Optimizing Store Operations

A new approach to remove silos and reduce complexity

Retailers in every sector have already squeezed stores with optimization programs, but we think many have missed the role played by central functions in helping stores become more efficient.

We have seen that the additional savings from this approach can be massive: higher labor efficiencies can be realized at the same time as increases in customer service levels, such as improved on-shelf availability and reduced check-out times. The beauty of this approach is that it simultaneously improves customer experience and staff morale.

This report details our approach and demonstrates selected examples and case studies.

Nordal Cavadini Partner in the Retail & Consumer Products Practice

Tanja Ebner Answers 4 Questions
  • 1What makes the Oliver Wyman approach to cutting operational costs in stores so different?

    What we often see is retailers trying to deliver cost savings by addressing purchasing, category management, logistics, and operations separately. So while each of these separate silos may be optimized, wider opportunities can be missed, and there is a risk of degrading customer service and employee morale from cost pressures from head office. Instead, we prioritize the removal of department silos and take a store-centric approach to simplify tasks and create more efficient stores.

  • 2Why are simple, fast, and standardized processes such a challenge for many retailers?

    The reasons are various, but, for example, store networks are often large, with each store implementing what they think is local best practice for them, which can often involve workarounds to problems that would be better solved centrally and benefit more stores at once. In an organization where departmental silos are not challenged, there are no opportunities to look at and solve store and customer hassles from an outside-in perspective.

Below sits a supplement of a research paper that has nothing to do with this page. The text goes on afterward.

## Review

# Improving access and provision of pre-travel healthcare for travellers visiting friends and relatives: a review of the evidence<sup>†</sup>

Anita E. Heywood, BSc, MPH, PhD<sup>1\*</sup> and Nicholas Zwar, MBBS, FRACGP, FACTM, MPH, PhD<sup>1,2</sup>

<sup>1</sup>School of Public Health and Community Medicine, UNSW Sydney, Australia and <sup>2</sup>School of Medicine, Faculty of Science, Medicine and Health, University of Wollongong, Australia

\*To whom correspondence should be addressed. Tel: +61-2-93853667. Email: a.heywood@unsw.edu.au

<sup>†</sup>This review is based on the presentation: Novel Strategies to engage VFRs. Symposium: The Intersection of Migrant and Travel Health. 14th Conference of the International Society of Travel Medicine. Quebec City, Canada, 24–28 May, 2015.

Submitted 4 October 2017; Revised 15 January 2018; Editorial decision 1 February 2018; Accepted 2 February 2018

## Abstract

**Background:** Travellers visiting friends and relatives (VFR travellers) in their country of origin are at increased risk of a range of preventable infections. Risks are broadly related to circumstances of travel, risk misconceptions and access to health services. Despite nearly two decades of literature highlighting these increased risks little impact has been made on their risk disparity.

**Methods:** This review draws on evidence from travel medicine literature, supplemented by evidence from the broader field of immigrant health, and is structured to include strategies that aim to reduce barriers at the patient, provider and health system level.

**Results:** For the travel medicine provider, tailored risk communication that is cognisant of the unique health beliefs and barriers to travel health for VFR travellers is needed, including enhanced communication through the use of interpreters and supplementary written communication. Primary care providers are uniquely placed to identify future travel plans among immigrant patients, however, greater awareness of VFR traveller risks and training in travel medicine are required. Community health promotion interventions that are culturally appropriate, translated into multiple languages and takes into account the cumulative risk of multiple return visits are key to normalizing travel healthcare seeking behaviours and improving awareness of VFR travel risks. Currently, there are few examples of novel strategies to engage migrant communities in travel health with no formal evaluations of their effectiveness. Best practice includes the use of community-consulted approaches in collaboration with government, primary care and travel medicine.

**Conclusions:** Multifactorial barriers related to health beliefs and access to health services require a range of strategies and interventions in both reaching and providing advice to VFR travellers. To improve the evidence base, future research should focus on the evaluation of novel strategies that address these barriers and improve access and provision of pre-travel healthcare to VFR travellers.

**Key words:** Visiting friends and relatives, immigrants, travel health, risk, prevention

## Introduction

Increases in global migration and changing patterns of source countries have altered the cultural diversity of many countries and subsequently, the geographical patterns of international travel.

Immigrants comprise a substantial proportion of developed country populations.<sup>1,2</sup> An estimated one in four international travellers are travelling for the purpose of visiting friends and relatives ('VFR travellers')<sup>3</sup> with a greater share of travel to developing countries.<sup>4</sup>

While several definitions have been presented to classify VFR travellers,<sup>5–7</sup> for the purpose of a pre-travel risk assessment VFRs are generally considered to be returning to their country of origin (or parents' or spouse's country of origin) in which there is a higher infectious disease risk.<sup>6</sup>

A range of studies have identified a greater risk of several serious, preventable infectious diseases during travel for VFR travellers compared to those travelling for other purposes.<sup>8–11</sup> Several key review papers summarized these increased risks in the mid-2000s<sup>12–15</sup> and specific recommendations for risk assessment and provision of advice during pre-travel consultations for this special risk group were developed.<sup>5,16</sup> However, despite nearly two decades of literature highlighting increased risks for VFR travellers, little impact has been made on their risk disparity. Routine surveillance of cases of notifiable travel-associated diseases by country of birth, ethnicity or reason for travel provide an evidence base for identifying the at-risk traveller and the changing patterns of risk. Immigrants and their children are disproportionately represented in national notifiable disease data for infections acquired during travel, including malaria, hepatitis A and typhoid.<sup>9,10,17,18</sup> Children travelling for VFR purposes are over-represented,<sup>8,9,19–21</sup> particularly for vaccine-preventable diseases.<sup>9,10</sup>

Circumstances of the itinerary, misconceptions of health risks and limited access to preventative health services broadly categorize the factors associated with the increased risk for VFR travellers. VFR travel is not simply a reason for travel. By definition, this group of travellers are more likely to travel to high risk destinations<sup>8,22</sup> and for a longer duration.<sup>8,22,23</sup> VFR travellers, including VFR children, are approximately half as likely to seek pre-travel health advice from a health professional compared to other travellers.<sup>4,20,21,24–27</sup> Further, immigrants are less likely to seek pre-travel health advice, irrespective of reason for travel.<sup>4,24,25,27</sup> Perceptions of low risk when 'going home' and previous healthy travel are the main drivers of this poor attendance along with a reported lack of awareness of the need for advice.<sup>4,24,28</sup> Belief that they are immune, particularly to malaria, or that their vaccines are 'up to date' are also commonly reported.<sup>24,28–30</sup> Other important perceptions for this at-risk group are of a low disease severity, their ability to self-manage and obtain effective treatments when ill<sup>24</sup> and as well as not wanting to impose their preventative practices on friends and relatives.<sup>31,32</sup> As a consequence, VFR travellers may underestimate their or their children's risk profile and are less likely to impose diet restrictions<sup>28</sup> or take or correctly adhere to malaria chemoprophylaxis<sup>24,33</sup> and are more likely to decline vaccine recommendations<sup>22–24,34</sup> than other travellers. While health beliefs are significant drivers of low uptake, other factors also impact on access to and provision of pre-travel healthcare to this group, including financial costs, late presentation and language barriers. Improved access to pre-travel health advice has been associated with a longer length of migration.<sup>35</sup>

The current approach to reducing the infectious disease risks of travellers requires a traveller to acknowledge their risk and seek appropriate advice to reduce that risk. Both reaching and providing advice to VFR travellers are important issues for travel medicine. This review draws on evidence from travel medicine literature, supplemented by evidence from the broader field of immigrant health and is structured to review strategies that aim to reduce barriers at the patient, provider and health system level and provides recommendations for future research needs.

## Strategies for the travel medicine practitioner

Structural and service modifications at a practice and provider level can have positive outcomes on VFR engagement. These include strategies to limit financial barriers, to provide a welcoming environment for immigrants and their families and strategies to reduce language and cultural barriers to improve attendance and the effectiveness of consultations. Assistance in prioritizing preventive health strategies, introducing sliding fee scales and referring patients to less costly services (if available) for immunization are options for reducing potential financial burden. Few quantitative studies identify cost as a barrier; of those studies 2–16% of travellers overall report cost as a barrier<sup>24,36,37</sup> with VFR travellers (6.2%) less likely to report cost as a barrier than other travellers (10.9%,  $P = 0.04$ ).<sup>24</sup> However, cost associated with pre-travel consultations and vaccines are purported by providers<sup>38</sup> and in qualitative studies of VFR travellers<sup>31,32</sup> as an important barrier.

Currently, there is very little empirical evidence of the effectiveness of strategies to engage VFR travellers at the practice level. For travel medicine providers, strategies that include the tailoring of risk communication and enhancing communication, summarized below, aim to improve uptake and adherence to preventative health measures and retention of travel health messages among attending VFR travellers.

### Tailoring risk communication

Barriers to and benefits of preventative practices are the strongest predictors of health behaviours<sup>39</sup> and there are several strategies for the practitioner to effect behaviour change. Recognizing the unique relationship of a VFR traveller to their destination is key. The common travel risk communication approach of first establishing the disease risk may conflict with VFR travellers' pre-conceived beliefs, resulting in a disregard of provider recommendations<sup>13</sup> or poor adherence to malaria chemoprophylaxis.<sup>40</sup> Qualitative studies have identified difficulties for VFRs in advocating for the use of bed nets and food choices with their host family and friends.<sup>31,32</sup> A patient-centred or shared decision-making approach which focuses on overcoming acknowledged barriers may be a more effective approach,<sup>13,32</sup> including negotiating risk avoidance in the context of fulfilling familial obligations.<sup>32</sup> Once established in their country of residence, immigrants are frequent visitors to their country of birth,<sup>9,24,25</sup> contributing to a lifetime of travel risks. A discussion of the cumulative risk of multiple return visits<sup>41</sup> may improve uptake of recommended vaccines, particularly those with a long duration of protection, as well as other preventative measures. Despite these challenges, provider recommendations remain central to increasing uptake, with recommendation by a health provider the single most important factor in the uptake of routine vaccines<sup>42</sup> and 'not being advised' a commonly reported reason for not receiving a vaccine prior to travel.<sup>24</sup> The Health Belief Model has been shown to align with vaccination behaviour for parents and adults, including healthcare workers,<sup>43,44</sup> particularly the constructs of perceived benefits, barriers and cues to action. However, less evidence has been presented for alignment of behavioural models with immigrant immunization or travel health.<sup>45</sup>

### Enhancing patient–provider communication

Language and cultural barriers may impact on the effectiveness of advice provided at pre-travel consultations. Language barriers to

• 3How does Oliver Wyman work with retailers to break down department silos?

    It is crucial to challenge existing store processes from a daily business store perspective, for example: What creates long queues at checkouts? Why does shelf replenishment take so long? By spending time on shop floors with our clients, we are able to identify the biggest hassles and priorities, and can then develop and implement solutions. Typically, we find there is quite a lot the head office could do to improve store operations, for example by ensuring KPIs and objectives span across departments to encourage and enable collaboration.

  • 4How does removing department silos result in tangible cost savings?

    The answer depends on the hassle you are trying to solve. For example, in product availability, we see that a proportion of all out-of-stocks are caused by errors outside the span of responsibility of the stores, e.g. weaknesses in the ordering system. Another proportion is caused in-store, for example by overly complex ordering systems or inefficient store processes (i.e. lacking alignment of replenishment with deliveries and customer frequencies). Therefore, by simplifying systems and tools and offering proper store trainings, out-of-stocks could be decreased and more staff time could be spent for customer-service activities. Overall, the result is an increase in on-shelf availability and sales by up to 5 percent.

Optimizing Store Operations

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